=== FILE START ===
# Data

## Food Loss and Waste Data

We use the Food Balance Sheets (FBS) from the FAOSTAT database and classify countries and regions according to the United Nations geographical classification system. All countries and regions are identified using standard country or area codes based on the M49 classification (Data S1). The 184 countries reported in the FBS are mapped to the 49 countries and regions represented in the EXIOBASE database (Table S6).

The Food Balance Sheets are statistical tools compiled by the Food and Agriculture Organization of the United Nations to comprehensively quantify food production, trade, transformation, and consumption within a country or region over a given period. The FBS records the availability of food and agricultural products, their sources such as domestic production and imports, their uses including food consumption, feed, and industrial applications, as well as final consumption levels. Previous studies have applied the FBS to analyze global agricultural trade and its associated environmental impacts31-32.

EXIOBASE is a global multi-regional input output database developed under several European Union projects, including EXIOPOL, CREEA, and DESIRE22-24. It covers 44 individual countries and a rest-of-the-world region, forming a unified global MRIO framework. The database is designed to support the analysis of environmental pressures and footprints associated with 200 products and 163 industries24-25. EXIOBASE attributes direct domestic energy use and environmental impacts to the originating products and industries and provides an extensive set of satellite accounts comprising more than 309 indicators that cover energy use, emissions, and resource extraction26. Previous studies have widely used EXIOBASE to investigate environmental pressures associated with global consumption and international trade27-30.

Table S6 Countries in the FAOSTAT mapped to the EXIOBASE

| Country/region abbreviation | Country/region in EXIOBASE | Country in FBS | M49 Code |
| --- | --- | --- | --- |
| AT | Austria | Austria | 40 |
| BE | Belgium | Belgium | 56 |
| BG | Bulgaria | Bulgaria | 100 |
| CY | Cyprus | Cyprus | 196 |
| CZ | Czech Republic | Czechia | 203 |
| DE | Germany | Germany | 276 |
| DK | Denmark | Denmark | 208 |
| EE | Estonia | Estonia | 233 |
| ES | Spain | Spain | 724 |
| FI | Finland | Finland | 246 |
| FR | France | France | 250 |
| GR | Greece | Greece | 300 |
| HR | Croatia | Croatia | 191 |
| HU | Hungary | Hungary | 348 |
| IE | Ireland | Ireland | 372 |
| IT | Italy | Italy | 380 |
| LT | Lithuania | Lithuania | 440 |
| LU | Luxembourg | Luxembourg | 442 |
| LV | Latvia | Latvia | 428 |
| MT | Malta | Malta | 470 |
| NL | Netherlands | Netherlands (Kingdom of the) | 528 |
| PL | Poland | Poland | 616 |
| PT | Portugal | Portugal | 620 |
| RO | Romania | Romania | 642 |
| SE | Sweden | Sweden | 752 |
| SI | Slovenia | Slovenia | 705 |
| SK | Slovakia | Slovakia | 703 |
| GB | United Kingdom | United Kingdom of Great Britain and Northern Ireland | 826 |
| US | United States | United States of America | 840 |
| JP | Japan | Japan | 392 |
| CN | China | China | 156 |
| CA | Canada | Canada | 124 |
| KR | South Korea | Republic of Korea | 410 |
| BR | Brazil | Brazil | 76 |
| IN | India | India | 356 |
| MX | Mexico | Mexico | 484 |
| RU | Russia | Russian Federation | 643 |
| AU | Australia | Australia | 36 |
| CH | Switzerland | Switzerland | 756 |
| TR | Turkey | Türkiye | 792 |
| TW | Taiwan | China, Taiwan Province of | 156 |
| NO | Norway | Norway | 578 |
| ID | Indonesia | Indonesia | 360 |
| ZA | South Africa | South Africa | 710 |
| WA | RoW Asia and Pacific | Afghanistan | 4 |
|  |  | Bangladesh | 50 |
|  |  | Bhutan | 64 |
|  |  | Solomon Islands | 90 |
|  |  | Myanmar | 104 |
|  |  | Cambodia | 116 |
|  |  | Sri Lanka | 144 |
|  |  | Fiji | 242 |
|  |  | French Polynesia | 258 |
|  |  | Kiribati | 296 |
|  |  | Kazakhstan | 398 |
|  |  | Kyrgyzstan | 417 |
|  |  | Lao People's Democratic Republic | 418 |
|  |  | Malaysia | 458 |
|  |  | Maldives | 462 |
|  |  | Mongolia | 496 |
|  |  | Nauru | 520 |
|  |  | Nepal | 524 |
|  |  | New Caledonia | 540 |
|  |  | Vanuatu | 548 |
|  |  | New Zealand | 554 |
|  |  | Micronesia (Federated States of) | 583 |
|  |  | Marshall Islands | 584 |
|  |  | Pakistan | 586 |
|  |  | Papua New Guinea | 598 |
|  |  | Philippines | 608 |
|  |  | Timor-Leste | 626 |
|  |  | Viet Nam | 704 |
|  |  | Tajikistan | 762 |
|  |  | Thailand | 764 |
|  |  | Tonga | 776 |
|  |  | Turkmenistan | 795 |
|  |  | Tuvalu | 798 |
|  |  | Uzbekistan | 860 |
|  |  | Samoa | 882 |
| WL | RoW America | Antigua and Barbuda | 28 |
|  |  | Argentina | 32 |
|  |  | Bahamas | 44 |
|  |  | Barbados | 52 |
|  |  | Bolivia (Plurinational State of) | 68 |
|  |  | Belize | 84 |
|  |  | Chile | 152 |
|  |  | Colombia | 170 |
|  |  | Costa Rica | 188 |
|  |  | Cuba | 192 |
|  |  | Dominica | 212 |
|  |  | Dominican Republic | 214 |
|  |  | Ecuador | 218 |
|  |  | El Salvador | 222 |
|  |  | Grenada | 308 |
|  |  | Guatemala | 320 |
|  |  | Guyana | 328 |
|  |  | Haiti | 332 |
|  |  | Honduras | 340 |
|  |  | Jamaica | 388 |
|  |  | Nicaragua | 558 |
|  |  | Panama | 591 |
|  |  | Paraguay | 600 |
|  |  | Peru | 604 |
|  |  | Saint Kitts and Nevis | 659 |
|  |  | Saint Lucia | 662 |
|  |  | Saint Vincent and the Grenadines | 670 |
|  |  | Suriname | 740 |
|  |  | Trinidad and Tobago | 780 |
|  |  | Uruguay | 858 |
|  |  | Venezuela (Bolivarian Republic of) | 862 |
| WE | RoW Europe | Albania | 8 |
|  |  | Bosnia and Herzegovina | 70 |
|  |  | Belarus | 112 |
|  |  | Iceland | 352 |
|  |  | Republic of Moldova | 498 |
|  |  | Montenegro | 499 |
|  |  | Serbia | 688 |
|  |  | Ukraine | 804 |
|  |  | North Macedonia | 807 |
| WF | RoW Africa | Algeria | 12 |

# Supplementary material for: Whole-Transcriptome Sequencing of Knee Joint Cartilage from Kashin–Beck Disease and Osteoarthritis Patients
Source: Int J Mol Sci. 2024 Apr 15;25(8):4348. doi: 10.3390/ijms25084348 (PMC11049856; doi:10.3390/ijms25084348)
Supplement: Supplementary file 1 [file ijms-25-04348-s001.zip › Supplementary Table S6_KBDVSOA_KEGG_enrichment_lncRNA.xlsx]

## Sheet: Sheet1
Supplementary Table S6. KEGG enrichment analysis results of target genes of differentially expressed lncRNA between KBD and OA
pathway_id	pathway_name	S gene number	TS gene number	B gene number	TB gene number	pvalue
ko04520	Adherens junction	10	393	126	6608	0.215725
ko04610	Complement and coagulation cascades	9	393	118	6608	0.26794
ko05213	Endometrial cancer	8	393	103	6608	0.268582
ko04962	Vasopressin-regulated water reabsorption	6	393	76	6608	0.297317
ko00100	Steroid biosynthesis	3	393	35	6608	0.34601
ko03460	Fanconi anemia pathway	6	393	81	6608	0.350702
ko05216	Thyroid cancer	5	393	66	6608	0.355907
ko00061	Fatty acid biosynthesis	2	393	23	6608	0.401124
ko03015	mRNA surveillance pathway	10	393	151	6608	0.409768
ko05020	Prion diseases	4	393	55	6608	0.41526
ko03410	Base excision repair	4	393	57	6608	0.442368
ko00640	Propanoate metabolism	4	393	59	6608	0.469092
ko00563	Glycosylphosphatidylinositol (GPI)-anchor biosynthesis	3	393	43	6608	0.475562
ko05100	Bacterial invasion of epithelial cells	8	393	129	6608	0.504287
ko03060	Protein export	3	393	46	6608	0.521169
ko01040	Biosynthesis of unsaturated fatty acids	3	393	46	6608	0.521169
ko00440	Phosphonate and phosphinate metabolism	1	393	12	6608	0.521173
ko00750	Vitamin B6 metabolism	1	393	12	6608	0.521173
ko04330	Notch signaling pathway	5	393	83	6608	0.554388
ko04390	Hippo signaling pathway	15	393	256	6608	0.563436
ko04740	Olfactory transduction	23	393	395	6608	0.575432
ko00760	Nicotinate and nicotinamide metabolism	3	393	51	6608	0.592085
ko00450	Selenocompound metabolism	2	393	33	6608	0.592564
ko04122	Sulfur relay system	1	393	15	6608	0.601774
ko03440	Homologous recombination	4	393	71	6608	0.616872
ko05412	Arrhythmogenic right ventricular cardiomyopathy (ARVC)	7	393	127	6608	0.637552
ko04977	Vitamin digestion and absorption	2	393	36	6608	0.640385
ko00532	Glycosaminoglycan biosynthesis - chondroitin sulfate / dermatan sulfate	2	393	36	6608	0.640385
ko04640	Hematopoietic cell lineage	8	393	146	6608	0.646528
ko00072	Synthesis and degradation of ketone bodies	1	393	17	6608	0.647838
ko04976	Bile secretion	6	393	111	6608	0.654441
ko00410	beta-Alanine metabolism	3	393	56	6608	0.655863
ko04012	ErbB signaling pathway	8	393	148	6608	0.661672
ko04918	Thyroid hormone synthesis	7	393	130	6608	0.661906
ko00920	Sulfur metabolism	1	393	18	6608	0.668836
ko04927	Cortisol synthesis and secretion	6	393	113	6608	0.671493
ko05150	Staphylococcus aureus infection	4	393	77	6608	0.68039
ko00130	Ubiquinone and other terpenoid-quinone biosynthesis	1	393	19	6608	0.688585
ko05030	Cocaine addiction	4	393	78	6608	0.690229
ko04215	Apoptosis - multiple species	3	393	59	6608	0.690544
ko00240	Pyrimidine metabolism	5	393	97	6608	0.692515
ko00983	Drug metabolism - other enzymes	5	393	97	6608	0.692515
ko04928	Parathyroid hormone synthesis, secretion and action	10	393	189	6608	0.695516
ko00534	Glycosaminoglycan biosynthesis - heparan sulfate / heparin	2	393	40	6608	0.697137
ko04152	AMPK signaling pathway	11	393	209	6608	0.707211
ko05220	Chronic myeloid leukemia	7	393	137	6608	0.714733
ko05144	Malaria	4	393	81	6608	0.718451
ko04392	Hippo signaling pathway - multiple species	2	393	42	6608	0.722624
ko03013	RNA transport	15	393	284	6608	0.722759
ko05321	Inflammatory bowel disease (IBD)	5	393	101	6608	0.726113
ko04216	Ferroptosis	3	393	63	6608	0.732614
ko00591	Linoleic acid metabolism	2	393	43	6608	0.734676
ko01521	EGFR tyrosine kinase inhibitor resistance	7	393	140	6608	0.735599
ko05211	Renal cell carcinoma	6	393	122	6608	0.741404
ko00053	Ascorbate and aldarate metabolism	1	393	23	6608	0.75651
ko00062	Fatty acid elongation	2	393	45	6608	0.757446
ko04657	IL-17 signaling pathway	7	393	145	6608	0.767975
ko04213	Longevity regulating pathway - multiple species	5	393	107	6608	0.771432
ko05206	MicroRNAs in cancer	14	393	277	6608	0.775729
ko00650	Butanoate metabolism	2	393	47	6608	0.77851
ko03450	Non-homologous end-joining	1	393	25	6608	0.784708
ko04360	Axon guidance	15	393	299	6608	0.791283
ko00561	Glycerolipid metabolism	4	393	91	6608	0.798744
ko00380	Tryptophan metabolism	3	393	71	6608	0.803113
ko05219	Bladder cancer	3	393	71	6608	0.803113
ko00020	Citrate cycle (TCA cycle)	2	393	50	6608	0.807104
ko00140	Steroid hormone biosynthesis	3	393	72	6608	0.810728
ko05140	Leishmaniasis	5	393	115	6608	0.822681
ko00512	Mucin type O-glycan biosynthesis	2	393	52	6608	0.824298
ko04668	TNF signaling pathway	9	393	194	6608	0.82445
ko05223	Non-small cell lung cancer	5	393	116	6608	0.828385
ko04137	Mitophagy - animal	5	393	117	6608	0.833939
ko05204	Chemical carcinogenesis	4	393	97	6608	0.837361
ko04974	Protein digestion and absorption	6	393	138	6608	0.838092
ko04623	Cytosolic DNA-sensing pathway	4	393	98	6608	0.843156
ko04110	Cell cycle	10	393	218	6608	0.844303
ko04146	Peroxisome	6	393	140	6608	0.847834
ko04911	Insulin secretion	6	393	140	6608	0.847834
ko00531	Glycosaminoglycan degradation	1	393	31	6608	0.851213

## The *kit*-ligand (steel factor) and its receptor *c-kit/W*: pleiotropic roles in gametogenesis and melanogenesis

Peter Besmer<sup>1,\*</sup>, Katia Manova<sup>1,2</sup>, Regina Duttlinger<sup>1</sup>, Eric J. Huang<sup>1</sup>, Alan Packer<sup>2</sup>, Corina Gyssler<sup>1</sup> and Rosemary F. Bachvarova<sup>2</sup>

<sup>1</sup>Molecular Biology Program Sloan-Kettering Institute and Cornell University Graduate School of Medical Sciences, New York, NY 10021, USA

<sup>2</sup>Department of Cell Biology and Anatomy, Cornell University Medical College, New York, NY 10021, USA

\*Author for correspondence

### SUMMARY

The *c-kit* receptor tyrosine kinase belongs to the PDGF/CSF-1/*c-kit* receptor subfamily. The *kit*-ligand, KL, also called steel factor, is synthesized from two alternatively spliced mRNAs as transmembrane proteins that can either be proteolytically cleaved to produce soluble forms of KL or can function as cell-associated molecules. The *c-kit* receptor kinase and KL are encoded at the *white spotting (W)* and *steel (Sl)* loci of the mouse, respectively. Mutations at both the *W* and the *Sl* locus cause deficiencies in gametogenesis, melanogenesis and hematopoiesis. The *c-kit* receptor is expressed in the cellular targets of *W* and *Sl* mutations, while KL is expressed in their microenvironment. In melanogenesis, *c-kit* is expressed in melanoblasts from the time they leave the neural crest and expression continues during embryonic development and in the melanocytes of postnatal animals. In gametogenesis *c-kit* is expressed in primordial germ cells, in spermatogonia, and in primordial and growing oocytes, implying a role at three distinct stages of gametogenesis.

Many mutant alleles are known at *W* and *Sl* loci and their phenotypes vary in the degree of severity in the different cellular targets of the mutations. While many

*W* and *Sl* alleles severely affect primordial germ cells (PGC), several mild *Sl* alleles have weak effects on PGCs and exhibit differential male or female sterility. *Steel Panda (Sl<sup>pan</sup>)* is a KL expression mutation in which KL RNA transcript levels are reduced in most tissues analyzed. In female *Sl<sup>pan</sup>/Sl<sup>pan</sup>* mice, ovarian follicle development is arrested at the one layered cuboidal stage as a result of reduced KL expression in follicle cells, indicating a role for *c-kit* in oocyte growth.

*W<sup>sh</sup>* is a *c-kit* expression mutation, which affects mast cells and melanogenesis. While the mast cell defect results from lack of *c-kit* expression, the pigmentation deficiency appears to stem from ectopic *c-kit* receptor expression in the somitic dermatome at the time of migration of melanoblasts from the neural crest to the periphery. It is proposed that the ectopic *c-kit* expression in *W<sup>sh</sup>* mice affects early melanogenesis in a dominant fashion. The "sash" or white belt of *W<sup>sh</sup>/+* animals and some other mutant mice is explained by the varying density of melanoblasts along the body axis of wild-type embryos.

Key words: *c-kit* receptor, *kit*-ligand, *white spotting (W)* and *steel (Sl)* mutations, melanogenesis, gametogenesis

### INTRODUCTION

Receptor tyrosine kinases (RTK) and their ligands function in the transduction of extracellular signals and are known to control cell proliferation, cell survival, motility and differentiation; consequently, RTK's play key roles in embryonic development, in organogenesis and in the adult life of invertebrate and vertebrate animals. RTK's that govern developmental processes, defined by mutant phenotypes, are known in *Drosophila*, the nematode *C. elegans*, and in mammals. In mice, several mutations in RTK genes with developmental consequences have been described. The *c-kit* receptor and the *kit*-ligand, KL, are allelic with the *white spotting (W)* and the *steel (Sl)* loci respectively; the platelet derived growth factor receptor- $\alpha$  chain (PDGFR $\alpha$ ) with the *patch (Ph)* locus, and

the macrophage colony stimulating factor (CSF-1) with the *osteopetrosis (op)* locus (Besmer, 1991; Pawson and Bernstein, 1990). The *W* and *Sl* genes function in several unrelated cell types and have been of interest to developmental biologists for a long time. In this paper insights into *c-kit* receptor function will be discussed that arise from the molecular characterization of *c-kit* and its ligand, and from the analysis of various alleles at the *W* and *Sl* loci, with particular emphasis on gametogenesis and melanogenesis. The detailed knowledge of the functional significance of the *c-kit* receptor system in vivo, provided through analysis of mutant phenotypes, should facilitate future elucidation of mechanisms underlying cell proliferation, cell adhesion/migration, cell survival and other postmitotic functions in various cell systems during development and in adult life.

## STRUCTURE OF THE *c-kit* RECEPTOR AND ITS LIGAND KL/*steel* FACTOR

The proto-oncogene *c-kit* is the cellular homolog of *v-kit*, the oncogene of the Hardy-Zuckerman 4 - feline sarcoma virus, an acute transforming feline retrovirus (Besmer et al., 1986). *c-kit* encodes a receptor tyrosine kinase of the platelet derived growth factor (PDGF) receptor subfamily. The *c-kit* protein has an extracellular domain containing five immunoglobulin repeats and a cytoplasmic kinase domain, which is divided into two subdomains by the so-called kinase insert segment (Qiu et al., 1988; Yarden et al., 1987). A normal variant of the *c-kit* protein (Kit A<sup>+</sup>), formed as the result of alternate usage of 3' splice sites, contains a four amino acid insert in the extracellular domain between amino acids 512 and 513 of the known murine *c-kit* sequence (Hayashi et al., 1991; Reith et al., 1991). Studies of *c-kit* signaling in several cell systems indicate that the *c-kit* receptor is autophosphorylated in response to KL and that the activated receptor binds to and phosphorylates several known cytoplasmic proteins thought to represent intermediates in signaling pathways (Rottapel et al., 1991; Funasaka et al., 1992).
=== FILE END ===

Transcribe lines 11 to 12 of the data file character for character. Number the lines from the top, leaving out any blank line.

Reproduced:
| BG | Bulgaria | Bulgaria | 100 |
| CY | Cyprus | Cyprus | 196 |